Muddling through Clark County’s murky 3Q

National, global forces determine economy’s direction, but local choices still play a role

By Courtney Sherwood, Columbian freelance writer



Top Clark County business stories of third quarter 2011


Clark County’s only Borders bookstore closes; Jantzen Beach Barnes & Noble shutters a month later.

Farwest wins $48 million in federal tax credit to finance Vancouver growth plans.


Hewlett-Packard Co. moves operations into current Nautilus Inc. headquarters.

Nautilus says it will relocate to smaller Vancouver building.


Downtown Vancouver Burgerville demolished to make way for apartments.

1,603 people line up to apply for 350 New Seasons jobs.

Owner of Chuck’s Produce & Street Market buys site for Hazel Dell store.

Longshoremen block Vancouver train tracks in dispute over Longview grain terminal.

Lisa Nisenfeld named head of Columbia River Economic Development Council.

Clark County’s economy managed to tread water in the third quarter of 2011, but struggling businesses and unemployed workers were still at sea in the July to September period. And even normally optimistic economists don’t expect the county — or the state or nation — to come ashore in the foreseeable future.

Staying afloat at least beats drowning, which the pessimists fear.

“The best I can hope for is that we don’t go into another recession,” Arun Raha, Washington’s chief economist, said Wednesday in Vancouver. “Sideways is the new up.”

Bill Conerly, a business consultant from Lake Oswego, Ore., agrees.

“We’re in this muddled period,” Conerly said. “The most important thing to keep in mind: When the economy is going sideways, you’ll get some indicators positive and some negative. We do not have a very clear up trend.”

Among the positive third-quarter economic indicators:

• Considerably more Clark County houses are selling than a year ago (though they’re going for less).

• Early indicators suggest retail sales continue to climb.

• And developers have made a handful of big investments, moving ahead on two high-end grocery stores and a downtown Vancouver apartment complex.

Outweighing the good news, however, county unemployment remained high, gas prices continued to squeeze budget-conscious shoppers, and several business announcements suggest that local employers continue to struggle. The county’s only Border’s bookstore closed, as did Jantzen Beach’s Barnes & Noble. Hewlett-Packard Co.’s relocation and Nautilus Inc.’s planned move both reflect shrinking staff size at those companies. Home construction, once a major source of local employment, fell from already dismally low levels. And the manufacturing sector, which grew rapidly last year, slowed its growth nationwide.

Unfortunately, there’s not much that people in Clark County can do to break free of these treacherous currents.

In today’s globalized world, Europe’s debt crisis threatens the entire U.S. economy, and could pull this country back into recession if it is not resolved, Conerly and Raha both said. Political gridlock in Washington, D.C., is another major threat, according to Raha.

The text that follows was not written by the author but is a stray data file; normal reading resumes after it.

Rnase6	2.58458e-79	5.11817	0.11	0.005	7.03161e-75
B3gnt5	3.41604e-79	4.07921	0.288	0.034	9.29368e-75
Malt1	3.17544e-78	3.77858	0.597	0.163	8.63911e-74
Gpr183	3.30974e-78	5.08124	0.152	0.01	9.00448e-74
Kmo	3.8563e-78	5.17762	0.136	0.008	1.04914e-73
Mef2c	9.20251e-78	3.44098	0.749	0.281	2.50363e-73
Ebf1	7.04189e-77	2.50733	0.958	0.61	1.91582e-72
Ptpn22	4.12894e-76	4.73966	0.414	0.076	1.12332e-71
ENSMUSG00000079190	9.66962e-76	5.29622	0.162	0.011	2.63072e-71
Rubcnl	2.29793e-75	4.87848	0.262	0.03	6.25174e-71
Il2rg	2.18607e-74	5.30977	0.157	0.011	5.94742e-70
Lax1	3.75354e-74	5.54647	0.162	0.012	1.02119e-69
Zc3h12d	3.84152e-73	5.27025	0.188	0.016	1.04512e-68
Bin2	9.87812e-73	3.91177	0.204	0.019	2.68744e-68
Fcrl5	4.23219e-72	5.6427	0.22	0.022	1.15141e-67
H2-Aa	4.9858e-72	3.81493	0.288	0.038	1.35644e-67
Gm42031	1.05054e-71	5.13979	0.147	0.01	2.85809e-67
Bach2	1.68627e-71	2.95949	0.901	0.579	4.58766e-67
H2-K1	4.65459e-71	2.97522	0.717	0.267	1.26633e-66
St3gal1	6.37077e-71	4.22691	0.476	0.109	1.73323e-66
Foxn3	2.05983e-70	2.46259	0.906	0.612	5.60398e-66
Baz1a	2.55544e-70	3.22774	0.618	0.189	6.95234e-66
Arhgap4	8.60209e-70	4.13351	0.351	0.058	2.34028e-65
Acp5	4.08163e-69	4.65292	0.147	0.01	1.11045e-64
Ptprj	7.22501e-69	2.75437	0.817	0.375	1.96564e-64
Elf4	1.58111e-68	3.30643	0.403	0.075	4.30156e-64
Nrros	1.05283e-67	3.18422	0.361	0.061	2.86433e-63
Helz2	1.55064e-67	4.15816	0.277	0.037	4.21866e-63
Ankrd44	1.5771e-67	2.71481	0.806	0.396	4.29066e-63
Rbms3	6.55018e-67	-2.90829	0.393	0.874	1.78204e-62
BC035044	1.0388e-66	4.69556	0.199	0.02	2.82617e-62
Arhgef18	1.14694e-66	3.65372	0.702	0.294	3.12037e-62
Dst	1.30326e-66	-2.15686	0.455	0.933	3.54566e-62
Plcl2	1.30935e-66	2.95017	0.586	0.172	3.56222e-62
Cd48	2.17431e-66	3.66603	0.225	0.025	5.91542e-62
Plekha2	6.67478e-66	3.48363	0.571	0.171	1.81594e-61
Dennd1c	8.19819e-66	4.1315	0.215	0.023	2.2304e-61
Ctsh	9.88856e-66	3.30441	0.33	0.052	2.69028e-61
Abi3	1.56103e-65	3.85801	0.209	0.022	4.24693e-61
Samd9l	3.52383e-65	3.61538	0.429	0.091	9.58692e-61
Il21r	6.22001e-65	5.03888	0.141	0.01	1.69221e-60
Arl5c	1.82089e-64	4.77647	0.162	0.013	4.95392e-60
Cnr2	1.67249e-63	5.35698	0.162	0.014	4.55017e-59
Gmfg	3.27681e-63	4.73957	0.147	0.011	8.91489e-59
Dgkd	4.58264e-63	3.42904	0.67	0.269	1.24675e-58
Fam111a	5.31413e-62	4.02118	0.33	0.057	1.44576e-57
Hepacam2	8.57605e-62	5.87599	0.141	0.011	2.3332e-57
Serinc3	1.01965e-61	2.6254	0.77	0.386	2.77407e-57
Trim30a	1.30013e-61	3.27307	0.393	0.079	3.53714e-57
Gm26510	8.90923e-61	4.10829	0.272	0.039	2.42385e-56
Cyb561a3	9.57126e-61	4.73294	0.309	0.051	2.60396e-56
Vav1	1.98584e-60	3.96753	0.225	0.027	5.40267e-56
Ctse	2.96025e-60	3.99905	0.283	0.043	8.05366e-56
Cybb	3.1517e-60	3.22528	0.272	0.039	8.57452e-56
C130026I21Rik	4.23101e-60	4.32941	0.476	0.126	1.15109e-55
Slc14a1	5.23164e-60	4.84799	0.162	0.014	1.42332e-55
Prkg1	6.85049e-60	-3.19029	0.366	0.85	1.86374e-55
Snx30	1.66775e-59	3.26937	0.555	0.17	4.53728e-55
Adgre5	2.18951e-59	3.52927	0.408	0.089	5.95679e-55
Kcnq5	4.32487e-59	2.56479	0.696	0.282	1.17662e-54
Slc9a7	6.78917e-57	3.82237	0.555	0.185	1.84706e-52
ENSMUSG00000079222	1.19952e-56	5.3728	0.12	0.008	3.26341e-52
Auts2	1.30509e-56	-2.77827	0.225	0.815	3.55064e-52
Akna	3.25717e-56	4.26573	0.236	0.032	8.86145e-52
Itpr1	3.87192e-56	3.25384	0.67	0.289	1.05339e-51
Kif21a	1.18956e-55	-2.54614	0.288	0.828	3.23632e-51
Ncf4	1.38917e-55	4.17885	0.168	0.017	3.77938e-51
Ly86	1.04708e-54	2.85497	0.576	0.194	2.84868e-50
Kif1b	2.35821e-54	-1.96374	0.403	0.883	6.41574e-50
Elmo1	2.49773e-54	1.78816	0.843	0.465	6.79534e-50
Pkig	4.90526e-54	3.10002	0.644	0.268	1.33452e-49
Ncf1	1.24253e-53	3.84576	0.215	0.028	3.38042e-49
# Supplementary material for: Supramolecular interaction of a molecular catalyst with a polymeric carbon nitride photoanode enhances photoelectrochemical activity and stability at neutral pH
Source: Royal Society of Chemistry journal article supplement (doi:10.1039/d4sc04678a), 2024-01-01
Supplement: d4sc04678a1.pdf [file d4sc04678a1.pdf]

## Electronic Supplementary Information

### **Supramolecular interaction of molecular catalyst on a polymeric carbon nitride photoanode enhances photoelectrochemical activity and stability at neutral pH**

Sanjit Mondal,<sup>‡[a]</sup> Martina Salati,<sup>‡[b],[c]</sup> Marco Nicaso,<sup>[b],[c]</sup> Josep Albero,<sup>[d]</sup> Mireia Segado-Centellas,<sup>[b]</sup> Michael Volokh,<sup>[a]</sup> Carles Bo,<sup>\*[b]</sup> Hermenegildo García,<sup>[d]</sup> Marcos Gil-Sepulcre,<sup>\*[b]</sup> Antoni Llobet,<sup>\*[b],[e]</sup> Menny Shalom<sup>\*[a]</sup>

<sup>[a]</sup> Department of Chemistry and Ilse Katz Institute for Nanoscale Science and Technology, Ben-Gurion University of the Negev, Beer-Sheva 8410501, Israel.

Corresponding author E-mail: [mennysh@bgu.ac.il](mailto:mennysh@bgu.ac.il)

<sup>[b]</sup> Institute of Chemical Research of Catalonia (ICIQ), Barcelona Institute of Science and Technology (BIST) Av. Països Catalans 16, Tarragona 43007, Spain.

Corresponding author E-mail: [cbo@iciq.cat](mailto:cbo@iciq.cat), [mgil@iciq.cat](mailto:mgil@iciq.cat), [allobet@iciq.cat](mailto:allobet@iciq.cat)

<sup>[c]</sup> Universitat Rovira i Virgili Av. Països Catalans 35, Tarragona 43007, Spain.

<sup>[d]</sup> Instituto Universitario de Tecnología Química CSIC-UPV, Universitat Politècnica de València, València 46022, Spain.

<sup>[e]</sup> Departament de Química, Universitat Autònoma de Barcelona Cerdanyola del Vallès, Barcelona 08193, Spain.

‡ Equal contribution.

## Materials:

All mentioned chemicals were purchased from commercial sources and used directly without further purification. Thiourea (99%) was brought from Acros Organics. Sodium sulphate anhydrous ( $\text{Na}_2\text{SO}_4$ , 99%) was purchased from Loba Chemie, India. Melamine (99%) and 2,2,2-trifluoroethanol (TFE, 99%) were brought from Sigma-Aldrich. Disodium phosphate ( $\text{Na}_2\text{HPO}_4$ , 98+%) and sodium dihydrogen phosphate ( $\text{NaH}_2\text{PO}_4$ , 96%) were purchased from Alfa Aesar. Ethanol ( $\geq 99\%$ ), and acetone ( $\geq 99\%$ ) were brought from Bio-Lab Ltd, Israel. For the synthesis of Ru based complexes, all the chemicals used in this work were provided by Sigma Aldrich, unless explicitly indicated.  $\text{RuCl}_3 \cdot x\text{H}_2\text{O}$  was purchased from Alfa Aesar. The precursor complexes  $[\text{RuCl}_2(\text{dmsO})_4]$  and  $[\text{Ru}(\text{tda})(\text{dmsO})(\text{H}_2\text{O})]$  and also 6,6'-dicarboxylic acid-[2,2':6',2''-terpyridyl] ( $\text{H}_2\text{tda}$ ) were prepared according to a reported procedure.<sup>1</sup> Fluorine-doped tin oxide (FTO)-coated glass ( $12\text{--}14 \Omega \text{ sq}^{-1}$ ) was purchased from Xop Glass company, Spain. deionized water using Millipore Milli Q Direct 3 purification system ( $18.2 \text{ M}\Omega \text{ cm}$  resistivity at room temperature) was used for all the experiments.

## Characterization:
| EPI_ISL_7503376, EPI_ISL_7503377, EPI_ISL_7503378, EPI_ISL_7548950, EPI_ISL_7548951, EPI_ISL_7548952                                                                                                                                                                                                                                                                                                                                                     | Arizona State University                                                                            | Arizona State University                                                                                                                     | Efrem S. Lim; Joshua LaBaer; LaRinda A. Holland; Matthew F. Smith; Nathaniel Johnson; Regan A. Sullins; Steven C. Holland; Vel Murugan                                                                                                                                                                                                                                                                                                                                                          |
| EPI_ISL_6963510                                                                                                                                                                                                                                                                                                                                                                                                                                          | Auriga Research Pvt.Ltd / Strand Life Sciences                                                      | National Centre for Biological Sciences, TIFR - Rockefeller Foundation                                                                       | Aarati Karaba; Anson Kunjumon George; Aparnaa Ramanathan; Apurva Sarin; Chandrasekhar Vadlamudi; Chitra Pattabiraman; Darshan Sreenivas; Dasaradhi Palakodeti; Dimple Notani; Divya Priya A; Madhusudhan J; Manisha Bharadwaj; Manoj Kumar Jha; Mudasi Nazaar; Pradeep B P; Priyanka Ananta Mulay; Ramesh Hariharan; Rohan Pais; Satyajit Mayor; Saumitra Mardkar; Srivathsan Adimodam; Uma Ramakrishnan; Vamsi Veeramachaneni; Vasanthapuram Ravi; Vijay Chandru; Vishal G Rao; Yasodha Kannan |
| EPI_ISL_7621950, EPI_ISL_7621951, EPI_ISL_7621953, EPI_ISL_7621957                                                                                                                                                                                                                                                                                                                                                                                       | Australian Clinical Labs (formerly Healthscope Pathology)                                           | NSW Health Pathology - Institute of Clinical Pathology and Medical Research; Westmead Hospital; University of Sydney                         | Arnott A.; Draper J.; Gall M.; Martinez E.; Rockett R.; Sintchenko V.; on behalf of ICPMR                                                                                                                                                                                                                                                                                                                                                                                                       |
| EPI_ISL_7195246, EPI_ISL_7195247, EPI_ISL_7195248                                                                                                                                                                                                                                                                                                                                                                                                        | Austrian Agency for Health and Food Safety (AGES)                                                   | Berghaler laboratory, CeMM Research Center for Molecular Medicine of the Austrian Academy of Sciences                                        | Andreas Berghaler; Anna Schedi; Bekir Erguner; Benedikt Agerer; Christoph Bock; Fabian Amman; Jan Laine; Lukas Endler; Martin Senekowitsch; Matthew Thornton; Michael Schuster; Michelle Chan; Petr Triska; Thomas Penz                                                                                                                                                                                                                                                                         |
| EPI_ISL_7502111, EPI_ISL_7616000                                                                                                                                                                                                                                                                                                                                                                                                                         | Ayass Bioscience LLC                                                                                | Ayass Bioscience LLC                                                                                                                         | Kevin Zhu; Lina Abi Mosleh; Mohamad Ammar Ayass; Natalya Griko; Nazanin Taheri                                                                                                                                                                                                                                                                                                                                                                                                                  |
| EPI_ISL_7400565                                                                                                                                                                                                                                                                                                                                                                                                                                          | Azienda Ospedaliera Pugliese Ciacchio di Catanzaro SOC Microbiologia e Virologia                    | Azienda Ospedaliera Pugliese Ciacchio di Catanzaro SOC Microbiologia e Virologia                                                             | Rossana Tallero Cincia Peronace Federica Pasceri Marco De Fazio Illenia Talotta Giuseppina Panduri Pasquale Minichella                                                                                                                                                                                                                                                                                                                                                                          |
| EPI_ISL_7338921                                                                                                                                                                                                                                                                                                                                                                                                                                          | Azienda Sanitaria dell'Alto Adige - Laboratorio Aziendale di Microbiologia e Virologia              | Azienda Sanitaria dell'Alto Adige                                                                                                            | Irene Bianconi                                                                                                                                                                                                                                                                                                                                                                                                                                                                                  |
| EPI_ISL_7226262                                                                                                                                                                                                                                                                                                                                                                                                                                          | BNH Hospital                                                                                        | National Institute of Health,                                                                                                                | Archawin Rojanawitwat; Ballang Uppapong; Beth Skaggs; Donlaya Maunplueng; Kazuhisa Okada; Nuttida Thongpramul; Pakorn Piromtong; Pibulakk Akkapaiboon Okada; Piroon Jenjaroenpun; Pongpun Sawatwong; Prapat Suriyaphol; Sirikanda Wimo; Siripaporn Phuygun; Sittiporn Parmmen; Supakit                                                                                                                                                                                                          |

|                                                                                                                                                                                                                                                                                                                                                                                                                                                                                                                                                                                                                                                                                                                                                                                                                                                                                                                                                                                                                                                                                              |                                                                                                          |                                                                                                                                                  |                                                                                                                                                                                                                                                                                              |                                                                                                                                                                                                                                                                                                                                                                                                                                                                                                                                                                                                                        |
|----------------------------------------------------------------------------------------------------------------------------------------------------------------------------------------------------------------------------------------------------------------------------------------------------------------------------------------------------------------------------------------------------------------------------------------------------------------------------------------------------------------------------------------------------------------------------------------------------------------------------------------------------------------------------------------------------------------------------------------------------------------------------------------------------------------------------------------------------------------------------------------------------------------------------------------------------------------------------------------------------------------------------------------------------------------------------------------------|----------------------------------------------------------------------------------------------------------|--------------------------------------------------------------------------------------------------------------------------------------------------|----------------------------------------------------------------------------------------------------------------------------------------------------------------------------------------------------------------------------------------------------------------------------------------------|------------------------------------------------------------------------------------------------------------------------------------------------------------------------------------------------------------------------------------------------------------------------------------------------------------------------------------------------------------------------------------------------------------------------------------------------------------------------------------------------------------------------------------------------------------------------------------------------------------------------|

Frustration with a stagnant economy and poor prospects for near-term improvement have helped fuel the “Occupy” movement that has brought protesters to the streets in New York, Portland and Vancouver, said Scott Bailey, regional economist with the Washington Employment Security Department.

The chance of a second recession is substantial, Bailey said. “The longer-term outlook is not good, because policymakers have failed to address the problems with our financial system.”

While Clark County’s economic fate may lie in the hands of Washington, D.C., and European politicians, Clark County workers and business owners can make informed decisions to protect themselves — in part by looking at how local sectors fared during the third quarter of 2011.

“I advise my business clients to track factors specific to their business and their industry,” Conerly said. Rather than worrying about gross domestic product — a broad measure of the nation’s economy — business owners should watch metrics specific to their niches.

Worried workers can make informed decisions about whether to save more or keep spending by thinking like their bosses.

“An everyday family should understand how they get paid, and what spending leads to them getting paid. You can’t just say, I work for XYZ company,” Conerly said. “You should understand who’s buying the products that XYZ company makes. Prudent financial planning at an individual level involves understanding the risk of the industry that you’re in.”

Work in retail? Locally, recent results have been better than expected — but consumer confidence is weak, so be careful. At a semiconductor company? Despite a slight third-quarter decline, industry leaders think gadgets will keep the sector strong. In government? Tight budgets suggest you may want to pinch pennies.

With unemployment above 12 percent through the third quarter, Clark County residents who work anywhere may want to count their blessings, and remember that no matter how long we must tread water, eventually we’ll get to shore.